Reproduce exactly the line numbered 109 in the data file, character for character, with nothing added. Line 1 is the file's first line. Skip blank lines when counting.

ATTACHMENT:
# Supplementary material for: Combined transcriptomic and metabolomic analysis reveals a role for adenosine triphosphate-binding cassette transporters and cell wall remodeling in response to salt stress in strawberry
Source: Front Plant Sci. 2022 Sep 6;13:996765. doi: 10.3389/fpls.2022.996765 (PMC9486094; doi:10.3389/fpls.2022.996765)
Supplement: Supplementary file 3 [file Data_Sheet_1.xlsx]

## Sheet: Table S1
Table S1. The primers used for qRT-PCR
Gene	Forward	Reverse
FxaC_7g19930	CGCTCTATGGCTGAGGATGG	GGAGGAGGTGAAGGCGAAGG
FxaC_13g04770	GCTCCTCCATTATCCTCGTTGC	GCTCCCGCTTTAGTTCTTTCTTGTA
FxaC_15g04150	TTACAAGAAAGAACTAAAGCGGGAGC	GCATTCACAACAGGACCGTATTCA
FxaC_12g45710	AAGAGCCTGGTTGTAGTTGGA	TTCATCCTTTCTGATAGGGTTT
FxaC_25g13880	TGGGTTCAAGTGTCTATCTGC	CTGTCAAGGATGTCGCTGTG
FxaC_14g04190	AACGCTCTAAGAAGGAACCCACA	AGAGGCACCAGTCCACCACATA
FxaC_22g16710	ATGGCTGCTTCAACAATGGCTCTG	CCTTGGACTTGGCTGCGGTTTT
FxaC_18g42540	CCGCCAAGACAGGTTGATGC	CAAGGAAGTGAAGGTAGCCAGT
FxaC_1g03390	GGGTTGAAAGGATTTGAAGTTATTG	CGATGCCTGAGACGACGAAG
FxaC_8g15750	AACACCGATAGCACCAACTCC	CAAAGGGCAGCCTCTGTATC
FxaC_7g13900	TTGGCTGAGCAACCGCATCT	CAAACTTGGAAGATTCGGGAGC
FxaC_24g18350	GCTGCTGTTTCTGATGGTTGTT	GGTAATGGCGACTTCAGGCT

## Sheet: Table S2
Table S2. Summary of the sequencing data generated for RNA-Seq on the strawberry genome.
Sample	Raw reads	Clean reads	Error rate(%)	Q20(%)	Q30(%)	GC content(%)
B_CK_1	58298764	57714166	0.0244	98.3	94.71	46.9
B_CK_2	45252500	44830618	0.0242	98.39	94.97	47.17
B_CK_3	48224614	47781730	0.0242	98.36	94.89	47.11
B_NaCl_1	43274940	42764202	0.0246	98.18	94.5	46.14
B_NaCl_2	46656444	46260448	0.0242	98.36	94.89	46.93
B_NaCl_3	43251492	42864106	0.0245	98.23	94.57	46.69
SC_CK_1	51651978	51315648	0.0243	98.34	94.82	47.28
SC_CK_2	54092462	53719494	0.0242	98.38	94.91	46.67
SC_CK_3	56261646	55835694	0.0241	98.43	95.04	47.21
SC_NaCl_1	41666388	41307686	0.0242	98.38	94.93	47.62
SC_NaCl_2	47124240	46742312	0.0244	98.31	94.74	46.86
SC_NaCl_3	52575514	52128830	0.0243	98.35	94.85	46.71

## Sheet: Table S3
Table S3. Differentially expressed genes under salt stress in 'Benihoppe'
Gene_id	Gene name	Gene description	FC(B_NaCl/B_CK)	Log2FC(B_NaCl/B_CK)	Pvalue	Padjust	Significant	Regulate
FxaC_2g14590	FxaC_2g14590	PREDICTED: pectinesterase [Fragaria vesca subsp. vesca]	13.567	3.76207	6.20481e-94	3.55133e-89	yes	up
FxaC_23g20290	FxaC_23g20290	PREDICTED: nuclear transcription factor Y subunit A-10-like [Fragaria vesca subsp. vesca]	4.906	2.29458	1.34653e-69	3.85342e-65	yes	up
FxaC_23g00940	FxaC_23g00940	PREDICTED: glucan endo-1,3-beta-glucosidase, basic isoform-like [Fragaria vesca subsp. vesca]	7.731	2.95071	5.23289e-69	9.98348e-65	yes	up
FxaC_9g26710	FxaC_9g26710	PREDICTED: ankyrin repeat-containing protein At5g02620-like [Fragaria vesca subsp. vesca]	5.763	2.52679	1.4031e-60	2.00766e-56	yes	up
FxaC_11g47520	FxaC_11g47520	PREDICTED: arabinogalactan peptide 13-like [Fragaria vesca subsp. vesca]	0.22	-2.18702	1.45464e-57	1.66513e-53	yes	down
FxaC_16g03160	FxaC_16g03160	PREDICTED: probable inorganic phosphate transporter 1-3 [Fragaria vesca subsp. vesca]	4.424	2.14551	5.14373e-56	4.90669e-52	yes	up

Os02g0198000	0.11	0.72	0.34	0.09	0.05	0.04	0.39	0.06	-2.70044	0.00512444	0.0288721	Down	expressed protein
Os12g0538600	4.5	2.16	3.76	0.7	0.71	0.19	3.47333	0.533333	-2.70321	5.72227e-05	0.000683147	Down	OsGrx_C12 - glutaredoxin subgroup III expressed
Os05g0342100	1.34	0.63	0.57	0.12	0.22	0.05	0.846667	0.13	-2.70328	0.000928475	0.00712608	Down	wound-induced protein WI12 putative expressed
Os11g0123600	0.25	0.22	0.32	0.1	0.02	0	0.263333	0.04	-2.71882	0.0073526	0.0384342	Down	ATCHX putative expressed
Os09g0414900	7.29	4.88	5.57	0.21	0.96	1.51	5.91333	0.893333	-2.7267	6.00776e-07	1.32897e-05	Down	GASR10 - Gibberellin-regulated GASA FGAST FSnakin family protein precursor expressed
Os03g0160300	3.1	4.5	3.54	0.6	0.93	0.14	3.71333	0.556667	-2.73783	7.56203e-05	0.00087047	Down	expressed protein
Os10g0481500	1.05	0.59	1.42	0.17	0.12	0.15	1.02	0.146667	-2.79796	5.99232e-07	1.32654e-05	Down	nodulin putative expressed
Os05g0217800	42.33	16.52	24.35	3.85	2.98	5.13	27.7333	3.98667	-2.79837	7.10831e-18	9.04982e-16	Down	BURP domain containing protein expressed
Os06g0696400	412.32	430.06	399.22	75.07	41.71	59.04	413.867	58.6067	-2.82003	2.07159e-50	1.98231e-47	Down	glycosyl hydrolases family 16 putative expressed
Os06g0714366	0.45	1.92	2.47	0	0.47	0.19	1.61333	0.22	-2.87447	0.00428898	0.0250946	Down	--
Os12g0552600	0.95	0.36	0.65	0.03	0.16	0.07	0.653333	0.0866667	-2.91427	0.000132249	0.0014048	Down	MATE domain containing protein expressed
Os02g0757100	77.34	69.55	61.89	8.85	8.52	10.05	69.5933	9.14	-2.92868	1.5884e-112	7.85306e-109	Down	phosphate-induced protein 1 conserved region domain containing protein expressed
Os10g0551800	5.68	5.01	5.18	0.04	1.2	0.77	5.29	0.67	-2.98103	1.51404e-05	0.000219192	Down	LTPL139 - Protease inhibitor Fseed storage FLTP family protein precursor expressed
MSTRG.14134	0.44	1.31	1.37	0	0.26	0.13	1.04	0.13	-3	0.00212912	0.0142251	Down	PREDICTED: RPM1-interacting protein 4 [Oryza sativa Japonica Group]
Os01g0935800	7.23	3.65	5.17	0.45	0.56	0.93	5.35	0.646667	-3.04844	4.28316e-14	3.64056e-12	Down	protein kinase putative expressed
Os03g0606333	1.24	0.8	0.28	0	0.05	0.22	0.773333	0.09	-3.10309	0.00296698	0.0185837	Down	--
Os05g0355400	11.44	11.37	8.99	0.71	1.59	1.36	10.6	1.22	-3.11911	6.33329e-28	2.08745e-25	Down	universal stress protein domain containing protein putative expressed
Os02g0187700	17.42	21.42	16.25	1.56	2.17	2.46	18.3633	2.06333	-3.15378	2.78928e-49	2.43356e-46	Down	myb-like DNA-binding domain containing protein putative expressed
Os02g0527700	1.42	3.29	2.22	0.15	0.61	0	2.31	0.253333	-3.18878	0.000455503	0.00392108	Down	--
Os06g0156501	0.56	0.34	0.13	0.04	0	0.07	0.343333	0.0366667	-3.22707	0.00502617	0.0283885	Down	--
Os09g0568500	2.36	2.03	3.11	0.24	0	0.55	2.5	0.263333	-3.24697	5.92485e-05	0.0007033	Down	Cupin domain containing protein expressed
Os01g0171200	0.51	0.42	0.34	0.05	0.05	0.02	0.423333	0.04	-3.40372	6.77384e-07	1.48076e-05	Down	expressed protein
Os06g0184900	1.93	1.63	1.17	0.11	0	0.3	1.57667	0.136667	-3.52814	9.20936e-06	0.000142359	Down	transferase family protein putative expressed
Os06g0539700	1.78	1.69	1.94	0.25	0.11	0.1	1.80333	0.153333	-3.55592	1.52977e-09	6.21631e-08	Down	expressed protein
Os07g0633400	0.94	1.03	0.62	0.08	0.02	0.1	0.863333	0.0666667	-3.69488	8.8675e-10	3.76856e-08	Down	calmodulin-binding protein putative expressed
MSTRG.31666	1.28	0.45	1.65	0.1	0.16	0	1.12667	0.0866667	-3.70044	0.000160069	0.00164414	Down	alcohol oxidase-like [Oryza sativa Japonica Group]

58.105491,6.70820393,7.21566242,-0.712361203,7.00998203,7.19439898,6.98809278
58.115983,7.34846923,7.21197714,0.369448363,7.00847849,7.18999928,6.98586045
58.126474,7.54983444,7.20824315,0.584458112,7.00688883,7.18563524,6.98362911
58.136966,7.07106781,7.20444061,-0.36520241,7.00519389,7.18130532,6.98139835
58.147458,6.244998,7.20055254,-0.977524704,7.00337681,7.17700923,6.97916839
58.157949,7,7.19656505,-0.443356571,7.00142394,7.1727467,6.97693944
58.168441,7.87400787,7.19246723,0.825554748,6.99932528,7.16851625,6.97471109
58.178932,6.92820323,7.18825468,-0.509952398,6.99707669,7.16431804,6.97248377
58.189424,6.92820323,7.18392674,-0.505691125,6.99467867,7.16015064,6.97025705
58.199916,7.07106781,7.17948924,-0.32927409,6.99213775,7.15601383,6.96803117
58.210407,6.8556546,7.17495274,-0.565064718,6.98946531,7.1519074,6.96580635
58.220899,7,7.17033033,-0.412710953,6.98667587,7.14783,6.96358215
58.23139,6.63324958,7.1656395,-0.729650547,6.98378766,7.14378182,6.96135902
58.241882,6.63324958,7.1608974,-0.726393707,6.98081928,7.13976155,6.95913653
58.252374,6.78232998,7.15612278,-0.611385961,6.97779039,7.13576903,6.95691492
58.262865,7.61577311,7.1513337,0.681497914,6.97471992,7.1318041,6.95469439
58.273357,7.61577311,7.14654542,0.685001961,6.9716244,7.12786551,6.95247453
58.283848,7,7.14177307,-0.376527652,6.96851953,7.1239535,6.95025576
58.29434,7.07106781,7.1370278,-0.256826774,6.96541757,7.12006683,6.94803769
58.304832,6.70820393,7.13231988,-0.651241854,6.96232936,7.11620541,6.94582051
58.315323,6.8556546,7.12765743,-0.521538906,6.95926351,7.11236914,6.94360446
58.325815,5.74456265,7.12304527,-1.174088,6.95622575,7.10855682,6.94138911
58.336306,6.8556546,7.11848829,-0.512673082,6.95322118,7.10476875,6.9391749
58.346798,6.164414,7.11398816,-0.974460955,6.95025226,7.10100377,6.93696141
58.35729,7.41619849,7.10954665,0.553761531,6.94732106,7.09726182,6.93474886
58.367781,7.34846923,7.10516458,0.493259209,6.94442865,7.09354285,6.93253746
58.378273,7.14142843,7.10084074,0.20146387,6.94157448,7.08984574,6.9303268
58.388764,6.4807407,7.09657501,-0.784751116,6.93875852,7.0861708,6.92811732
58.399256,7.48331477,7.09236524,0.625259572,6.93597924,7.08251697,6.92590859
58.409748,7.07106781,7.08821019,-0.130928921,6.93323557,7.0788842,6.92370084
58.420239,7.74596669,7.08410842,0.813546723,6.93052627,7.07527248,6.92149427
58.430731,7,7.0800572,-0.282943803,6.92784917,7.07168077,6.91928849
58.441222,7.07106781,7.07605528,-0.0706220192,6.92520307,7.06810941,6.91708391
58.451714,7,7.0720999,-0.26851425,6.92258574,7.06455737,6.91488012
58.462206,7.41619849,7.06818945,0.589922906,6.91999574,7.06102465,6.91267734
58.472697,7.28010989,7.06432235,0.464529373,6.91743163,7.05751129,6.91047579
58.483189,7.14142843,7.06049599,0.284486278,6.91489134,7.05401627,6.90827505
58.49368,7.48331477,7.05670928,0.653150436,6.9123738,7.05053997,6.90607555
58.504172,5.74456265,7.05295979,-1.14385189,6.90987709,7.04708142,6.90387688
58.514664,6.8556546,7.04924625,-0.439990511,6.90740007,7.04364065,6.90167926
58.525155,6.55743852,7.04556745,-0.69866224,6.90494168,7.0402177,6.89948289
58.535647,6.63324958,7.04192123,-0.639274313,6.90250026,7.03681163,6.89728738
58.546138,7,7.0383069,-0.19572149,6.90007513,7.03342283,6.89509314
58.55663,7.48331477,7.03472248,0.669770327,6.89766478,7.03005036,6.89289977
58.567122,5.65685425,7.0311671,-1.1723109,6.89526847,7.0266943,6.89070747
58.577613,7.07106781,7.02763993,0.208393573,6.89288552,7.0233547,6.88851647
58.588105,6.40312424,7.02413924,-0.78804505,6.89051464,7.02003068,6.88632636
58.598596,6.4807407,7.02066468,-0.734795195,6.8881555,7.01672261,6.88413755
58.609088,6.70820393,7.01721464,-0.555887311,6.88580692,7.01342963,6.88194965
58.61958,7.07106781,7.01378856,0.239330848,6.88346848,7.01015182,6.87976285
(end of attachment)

58.525155,6.55743852,7.04556745,-0.69866224,6.90494168,7.0402177,6.89948289